Saying Kaddish for a Friend

Last week, one of my best friends, Stan Pollan, died. We both moved to Madison around the same time 32 years ago and met a few months after we moved here, when his wife Ellen was pregnant with their eldest son, Henry. Stan’s parents and my wife Sheryl’s parents had been friends for many years before we met and encouraged us to get to know each other when we started living in the same city. Stan, Ellen, Sheryl and I are forever grateful for the encouragement our parents gave us to get to know each other.

About two weeks before Stan died, he asked me to say the mourner’s kaddish for him after he died. Stan was born Jewish, but he was not very observant. We regularly invited his family to our house for Rosh Hashanah (Jewish New Year) and Passover, which they appreciated. However, the only time I saw him in a synagogue was on Yom Kippur, when he would come to my synagogue to say the mourner’s kaddish for his parents after they passed away. So, of course, while dismayed that my dear friend was dying, I was honored to be asked to fulfill one of his dying wishes.

What I did not anticipate was that as Stan’s death drew nearer, his family asked me to organize and officiate at his funeral. I am not a Rabbi and I have never officiated at a funeral, but despite the challenge, I was further honored by this expanded role. I worked closely with Stan’s sister-in-law, Cheryl Siegel, to whom I will be forever grateful for her deep sense of caring for what Stan and his family wanted at his funeral. As she and I both told each other, through Stan’s loss, we each made a new best friend in each other.

It was very important to me that the funeral honor Stan’s wishes, as well as those of his immediate family, so I talked with Ellen and Stan’s sons the day after he died to discern what they wanted. They made clear that they wanted the service to be short, simple and sweet, including some music, and to be sure that any Hebrew was both translated and transliterated so all those present could understand and participate. Over the next two days, working with Cheryl Siegel, Ellen and her sons, Stan’s brother Jim, our friend Jason Garlynd, who did a reading at the family’s request, and the musicians, Jeff Laramie and Bruce Wasserstrom, we pulled the service together. Just an hour and a half before the service started, I picked up the copies of the service we quickly created from the copy shop.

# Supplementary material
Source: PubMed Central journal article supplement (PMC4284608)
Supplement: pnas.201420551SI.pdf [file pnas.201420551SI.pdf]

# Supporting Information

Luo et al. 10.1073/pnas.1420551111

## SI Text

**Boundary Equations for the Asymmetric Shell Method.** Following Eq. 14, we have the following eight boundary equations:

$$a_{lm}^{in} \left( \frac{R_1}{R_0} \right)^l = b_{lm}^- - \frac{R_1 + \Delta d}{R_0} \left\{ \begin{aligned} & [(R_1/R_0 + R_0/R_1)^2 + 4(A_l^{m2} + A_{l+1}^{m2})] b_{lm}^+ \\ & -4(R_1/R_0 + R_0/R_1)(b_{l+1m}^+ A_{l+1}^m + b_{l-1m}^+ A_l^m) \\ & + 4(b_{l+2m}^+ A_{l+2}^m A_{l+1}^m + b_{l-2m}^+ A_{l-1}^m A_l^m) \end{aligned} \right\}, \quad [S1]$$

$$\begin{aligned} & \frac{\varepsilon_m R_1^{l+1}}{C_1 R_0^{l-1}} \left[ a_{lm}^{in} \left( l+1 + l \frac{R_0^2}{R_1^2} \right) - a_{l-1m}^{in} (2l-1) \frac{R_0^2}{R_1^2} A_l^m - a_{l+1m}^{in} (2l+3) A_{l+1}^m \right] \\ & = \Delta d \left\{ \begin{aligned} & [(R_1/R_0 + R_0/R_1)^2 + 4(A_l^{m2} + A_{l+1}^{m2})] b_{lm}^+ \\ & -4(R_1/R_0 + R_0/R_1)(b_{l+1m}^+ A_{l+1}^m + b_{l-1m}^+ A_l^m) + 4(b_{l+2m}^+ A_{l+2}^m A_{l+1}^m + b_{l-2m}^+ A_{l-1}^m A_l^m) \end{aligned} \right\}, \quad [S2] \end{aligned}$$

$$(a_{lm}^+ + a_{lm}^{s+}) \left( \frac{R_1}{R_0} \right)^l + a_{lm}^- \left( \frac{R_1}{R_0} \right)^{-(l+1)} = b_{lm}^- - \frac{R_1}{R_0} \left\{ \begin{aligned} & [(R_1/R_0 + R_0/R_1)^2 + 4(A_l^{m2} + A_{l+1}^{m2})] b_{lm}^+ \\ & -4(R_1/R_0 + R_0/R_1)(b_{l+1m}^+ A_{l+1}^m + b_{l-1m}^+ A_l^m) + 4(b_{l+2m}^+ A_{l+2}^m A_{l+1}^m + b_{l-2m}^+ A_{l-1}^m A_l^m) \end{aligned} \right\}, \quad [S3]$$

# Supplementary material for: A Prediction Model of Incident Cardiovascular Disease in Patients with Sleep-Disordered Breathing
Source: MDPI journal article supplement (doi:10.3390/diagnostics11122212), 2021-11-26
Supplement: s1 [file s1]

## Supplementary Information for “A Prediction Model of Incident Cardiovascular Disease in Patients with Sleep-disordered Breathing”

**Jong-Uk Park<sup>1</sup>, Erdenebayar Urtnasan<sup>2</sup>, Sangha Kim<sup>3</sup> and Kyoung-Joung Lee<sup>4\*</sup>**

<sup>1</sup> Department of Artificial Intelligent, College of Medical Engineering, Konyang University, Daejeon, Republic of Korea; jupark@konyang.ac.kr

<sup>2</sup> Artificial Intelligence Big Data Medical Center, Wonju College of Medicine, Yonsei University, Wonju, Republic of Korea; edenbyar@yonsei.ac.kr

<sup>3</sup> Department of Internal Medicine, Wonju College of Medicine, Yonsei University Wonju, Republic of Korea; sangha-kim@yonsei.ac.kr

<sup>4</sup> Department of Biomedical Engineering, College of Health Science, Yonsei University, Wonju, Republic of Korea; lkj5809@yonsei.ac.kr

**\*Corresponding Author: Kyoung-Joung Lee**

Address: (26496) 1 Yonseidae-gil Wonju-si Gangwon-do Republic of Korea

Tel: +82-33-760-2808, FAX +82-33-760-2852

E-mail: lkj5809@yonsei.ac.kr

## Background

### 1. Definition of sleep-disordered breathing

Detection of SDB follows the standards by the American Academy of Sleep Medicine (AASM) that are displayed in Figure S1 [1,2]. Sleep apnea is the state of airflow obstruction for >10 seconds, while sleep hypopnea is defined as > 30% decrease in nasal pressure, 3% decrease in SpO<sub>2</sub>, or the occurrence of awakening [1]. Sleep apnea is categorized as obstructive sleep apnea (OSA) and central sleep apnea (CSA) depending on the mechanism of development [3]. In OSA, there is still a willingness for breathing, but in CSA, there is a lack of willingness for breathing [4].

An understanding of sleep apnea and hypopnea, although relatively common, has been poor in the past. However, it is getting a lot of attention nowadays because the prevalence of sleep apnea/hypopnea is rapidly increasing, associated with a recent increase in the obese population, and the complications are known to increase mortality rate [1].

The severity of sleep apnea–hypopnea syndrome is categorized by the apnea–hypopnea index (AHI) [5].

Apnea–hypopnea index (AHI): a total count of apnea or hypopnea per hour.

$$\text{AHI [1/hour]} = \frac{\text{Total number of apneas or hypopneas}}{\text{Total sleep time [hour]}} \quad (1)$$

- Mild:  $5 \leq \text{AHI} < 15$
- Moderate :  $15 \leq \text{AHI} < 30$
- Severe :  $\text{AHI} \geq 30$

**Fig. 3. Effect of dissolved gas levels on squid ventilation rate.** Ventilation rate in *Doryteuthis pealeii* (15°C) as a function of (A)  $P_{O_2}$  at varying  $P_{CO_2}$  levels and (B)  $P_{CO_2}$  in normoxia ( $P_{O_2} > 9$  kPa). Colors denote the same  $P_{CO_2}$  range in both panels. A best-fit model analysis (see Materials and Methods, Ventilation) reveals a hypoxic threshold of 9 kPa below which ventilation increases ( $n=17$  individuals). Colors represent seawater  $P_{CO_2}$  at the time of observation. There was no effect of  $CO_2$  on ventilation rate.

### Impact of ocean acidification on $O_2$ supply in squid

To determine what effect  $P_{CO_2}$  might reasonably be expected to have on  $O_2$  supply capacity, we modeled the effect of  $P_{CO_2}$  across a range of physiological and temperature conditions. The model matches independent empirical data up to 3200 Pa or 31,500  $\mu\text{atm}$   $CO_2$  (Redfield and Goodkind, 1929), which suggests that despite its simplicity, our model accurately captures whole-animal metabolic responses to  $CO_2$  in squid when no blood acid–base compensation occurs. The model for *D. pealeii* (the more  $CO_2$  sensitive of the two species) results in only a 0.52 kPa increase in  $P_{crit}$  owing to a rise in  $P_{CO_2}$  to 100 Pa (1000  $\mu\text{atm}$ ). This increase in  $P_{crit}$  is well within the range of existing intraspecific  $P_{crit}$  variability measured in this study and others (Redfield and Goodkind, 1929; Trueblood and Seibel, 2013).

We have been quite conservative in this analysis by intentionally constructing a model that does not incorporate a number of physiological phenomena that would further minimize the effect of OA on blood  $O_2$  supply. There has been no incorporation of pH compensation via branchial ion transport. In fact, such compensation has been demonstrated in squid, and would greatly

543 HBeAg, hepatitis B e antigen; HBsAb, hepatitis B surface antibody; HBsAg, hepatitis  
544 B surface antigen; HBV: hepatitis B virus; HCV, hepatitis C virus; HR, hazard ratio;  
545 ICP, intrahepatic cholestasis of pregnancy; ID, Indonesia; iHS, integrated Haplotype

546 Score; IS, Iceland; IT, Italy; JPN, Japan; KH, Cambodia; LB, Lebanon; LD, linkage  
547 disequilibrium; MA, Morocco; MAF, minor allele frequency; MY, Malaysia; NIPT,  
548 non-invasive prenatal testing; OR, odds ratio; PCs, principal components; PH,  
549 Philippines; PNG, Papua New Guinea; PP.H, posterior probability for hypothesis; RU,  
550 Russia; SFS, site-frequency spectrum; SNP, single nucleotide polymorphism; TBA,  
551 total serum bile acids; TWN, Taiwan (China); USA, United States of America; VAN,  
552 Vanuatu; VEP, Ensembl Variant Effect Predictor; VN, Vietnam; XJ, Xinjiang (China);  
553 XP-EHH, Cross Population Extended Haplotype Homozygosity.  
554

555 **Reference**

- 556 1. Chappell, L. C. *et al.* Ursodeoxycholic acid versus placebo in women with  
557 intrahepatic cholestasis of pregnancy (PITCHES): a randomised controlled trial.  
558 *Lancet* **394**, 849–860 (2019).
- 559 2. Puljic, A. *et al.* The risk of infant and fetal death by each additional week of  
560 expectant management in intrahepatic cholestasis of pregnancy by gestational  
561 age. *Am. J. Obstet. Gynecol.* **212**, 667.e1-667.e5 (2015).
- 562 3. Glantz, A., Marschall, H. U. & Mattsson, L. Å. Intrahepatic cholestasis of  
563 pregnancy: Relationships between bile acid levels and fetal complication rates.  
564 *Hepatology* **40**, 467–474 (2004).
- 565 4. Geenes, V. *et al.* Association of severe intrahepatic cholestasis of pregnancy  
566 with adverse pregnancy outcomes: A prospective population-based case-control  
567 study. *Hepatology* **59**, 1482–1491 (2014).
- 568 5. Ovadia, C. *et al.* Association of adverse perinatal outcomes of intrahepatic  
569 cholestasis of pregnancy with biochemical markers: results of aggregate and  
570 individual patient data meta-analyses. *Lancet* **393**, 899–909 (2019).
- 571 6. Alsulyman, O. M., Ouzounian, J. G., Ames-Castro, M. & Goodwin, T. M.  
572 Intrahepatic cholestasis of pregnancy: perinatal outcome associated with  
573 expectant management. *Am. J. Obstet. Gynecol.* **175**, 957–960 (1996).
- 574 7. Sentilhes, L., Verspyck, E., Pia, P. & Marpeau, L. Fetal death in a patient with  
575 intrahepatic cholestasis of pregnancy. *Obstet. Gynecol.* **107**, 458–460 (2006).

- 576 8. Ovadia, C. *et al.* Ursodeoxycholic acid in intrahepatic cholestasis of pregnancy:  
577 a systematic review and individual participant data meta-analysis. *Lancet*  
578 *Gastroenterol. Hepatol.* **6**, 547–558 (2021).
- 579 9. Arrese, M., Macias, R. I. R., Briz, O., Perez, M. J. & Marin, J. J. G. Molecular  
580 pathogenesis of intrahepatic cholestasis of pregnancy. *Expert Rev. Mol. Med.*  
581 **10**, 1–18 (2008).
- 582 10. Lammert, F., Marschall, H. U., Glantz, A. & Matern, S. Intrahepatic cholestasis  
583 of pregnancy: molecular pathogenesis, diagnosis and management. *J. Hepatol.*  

Jeff Laramie opened the service with a beautiful rendition of the Beatles’ song, In My Life, during which some thunder roared. I told the mourners that was Stan applauding. I also made clear to them that I was not a Rabbi and this was my first time officiating at a funeral. Despite that, I have since heard that many people told the family that the “rabbi” did a good job. Someone even asked me for my card after the service. I reminded them that I did not officiate funerals professionally.

Before we got to the kaddish, I led some readings that all the mourners said together. However, since the family wanted Jason Garlynd to do a reading, he agreed to read the following:

Ahavat Olam-Love of the World (interpretive version-Rami Shapiro)

 We are loved by an unending love.

We are embraced by arms that find us

Even when we are hidden from ourselves.

We are touched by fingers that soothe us

Even when we are too proud for soothing.

We are counseled by voices that guide us

Even when we are too embittered to hear.

We are loved by an unending love.

We are supported by hands that uplift us

even in the midst of a fall.

We are urged on by eyes that meet us

even when we are too weak for meeting.

We are loved by an unending love.

Embraced, touched, soothed, and counseled…

Ours are the arms, the fingers, the voices;

Ours are the hands, the eyes, the smiles;

We are loved by an unending love.

The next day, we received a call from Stan’s eldest son, Henry, who invited my wife and I to join him and a few friends on a canoe trip the following day. We were honored to be asked so we gladly joined Henry, his best friend Ben, Jason and his son True on the Bad Fish Creek which due to heavy rains had swollen into a raging river. Henry wore his father’s captain’s hat and it made me think back to when Sheryl, Ellen, Stan and I canoed together when Henry was very young. Despite very challenging conditions, including capsizing, navigating logs through rapids and ducking under many branches, we all had smiles on our faces and felt that the blue heron that led us down the river may well have been Stan’s spirit guiding us along the way.

P1030752

From left to right, Jason, True, Sheryl, Henry and Ben, at the end of a lunch break.

There is a Jewish tradition that we say, May his memory be a blessing, after someone dies. I truly believe that Stan’s memory is and will continue to be a blessing and through the many memories of his kindness, his life will truly be eternal.

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For more information on how I can help you accomplish effective, progressive systems change contact Jeff Spitzer-Resnick by visiting his website: Systems Change Consulting.

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